RBI Response To Inflation In The Right Direction, MPC Member Ashima Goyal Says In Working Paper
Excess tightening would not improve credibility if supply-side deterioration causes inflation persistence, the paper said.
The Reserve Bank of India’s policy response to inflation has been in the right direction given that Indian inflation is mainly supply-driven, according to Monetary Policy Committee member Ashima Goyal.
Food inflation shock is the primitive shock that drives inflation, according to a working paper titled ‘What Drives Indian Inflation? Demand Or Supply’ —co-authored by Goyal, emeritus professor of economics at Indira Gandhi Institute for Development Research, and Abhishek Kumar, associate fellow at the Centre for Social and Economic Progress.
Inflation, they said, is mainly driven by supply shocks and excessive monetary policy reaction hurts the real economy. “Excess tightening would not improve credibility if excess demand due to supply-side deterioration causes inflation persistence.”
“The recent policy decisions by the RBI have been in the right direction where the bank approached the inflation originating from a food price shock more pragmatically.”
Understanding the drivers of inflation is important for understanding the business cycle. In this paper, Goyal and Kumar have estimated inflation shock and medium-run inflation shock. The inflation shock captures the upward and downward movement in Indian inflation seen in recent years.
The inflation shock causes a 2% quarterly inflation, (or 8% annual inflation), by the second quarter. The impact of inflation shock disappears around the eighth quarter. Thus, the shock causes inflation for up to two years.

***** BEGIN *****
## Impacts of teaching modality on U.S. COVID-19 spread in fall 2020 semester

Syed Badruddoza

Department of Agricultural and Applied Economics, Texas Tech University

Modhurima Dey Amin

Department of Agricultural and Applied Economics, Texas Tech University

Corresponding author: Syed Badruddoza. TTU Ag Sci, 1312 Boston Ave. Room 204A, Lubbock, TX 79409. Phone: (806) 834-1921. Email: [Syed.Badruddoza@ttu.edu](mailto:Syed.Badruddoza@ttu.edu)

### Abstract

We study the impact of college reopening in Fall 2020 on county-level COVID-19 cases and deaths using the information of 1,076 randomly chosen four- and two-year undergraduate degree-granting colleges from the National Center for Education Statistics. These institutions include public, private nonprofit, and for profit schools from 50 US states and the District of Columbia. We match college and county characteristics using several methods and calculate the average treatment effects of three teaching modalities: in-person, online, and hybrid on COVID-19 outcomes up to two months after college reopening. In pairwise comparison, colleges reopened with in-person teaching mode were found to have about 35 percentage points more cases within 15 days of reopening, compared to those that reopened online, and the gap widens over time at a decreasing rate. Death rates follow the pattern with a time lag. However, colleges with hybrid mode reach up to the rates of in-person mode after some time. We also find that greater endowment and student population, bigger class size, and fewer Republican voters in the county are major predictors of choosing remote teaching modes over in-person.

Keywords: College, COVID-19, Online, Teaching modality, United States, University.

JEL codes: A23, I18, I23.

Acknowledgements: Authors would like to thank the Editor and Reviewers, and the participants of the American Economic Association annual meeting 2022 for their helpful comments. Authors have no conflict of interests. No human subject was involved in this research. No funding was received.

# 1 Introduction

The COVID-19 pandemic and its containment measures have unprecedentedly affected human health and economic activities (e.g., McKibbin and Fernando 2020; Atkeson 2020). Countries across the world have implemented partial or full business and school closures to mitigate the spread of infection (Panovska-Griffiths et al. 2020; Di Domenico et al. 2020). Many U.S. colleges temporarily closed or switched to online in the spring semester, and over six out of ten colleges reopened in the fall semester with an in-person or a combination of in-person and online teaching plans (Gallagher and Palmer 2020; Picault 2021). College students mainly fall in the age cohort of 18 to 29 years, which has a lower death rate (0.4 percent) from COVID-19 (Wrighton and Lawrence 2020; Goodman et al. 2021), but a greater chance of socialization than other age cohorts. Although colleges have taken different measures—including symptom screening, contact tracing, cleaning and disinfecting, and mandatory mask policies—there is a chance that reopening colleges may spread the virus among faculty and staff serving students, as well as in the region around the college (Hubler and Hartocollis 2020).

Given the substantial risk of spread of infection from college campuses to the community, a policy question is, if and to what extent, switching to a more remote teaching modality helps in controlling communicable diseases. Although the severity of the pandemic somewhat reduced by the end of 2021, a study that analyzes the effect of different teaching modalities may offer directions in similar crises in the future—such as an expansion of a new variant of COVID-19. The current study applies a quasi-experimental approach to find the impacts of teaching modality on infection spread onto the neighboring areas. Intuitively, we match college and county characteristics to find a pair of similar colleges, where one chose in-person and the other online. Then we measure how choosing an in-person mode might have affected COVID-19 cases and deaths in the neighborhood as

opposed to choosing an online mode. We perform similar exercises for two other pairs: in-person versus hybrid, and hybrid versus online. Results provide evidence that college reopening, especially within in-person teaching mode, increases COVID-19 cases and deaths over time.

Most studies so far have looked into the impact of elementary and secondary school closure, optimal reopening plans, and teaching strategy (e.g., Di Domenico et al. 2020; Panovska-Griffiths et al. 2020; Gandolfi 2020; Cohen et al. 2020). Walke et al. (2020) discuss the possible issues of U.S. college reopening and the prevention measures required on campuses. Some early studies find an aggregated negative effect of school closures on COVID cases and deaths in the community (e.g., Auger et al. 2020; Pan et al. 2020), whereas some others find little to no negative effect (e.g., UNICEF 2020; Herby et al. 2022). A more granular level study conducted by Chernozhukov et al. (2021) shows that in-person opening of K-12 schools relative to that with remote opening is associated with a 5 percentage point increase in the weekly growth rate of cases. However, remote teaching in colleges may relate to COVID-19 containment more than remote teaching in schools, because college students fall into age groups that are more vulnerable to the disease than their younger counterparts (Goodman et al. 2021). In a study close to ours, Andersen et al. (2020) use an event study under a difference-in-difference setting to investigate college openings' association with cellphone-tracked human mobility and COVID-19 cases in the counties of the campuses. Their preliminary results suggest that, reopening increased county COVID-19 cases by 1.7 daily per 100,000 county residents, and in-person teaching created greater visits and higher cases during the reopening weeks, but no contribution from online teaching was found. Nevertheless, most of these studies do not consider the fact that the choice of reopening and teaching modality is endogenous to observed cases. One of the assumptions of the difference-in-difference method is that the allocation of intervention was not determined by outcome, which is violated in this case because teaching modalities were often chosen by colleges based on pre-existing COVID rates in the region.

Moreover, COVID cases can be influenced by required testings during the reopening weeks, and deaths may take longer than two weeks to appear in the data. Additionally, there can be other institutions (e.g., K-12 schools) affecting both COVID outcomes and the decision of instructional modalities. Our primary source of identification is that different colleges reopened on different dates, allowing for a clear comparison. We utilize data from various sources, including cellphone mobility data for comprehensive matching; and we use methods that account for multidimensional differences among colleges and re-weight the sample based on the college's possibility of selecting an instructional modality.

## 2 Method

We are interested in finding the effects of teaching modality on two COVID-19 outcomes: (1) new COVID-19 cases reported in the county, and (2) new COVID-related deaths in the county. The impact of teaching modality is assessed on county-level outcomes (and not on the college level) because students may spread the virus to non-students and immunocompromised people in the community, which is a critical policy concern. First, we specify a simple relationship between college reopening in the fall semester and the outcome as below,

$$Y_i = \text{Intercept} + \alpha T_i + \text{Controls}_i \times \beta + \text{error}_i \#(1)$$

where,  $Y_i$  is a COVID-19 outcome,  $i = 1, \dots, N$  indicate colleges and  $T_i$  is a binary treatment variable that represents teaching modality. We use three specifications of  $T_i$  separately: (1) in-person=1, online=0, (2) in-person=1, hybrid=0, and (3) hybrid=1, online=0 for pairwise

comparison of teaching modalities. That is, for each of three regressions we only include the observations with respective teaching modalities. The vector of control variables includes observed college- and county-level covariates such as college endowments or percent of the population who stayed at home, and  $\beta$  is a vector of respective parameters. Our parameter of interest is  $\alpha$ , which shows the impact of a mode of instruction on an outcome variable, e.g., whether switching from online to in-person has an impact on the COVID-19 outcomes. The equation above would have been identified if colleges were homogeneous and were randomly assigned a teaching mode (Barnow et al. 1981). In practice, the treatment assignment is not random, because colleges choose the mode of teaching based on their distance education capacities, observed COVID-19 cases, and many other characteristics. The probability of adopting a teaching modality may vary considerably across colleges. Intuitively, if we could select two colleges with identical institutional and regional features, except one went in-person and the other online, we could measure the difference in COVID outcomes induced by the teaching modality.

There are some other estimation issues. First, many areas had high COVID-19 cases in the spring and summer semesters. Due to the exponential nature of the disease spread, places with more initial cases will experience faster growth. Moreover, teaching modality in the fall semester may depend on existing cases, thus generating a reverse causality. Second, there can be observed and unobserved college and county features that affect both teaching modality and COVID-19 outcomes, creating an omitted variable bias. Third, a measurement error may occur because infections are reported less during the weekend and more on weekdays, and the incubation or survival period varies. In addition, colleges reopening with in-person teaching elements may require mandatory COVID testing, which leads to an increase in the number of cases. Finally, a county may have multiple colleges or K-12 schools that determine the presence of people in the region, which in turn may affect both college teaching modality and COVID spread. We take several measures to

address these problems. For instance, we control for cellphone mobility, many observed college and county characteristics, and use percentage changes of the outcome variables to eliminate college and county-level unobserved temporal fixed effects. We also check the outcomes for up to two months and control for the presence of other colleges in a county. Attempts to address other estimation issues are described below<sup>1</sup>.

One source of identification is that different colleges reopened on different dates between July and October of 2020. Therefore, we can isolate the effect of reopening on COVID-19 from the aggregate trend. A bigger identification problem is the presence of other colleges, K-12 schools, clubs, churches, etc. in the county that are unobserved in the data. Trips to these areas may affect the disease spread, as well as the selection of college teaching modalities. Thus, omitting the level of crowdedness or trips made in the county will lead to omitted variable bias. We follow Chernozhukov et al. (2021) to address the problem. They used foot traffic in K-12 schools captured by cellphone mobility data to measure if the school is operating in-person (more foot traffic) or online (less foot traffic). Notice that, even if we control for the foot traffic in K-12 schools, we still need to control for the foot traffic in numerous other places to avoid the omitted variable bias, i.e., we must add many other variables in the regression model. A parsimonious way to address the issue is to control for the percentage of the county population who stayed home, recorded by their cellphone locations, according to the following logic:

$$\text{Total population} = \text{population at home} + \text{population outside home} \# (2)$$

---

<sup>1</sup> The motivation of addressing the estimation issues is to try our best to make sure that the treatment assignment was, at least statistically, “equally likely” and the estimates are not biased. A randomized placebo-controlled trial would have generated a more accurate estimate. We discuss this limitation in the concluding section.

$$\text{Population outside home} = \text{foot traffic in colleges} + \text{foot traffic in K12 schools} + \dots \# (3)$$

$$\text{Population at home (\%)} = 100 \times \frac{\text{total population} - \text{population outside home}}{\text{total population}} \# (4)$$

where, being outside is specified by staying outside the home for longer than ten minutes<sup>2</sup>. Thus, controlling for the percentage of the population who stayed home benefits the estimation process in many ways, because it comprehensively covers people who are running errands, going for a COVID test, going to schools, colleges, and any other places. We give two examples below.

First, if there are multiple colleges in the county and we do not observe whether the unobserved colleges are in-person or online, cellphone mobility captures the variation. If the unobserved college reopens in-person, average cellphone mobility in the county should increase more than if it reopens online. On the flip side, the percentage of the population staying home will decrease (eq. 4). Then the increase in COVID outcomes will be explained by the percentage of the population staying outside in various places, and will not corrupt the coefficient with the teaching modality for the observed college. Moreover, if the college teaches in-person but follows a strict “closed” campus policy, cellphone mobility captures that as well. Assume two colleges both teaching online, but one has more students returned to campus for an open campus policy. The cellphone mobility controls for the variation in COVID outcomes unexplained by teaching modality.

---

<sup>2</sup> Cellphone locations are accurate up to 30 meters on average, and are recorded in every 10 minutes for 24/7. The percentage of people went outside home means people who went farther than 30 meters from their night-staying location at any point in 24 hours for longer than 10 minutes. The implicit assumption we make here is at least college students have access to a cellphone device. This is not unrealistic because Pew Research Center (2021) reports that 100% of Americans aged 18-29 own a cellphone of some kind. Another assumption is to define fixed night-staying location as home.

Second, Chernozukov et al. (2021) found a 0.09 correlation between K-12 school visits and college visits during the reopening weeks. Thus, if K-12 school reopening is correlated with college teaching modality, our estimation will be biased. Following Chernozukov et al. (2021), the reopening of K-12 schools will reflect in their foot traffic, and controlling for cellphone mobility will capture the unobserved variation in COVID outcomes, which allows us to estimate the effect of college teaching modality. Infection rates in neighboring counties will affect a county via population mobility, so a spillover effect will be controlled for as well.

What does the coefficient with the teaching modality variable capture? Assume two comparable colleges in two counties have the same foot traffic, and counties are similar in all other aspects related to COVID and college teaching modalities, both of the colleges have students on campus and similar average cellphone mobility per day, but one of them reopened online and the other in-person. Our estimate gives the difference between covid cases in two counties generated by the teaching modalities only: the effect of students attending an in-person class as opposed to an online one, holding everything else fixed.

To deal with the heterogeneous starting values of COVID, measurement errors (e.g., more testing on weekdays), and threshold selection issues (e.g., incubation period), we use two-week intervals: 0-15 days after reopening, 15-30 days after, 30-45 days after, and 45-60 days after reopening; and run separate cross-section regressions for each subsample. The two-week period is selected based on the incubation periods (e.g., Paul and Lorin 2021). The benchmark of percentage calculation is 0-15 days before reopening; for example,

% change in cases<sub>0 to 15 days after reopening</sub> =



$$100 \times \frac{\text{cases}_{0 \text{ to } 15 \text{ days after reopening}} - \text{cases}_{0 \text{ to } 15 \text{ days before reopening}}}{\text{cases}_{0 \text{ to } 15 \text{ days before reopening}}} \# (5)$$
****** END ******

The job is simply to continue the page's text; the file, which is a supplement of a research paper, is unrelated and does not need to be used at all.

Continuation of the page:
The inflation shock explains more than 80% of the forecast error variance in consumer price forecasts between zero and 40 quarters. This shock increases price and decreases output, implying that it is a supply shock. It also increases interest rates and decreases credit and investment.
Inflation shock increases interest rate at impact. The maximum impact is a 0.5-percentage-point increase observed around the fourth quarter and the effect disappears around the eighth quarter. As such, the inflation shock causes a positive movement in interest rates for up to two years.
Inflation shock decreases output. The maximum impact is more than a 0.5% decline in output and occurs slightly late (lagged effect of interest rate tightening). Surprisingly, the effect on output persists at the end of the 40th quarter and seems permanent.
Interest rate response significantly to the shock, the authors said, while the inflation shock decreases credit. The effect on credit persists by the end of the 40th quarter.
Inflation shock decreases investment. The maximum impact is around a 2% decline in investment and occurs around the 10th quarter.
The effect on investment persists by the 20th quarter, that’s up to five years. The inflation shock increases government consumption expenditure at impact and the effect disappears by the fourth quarter.
The shock explains 40% of the variance of credit, output, investment and interest rate up to 40 quarters, suggesting that this shock is an important driver of the Indian business cycle.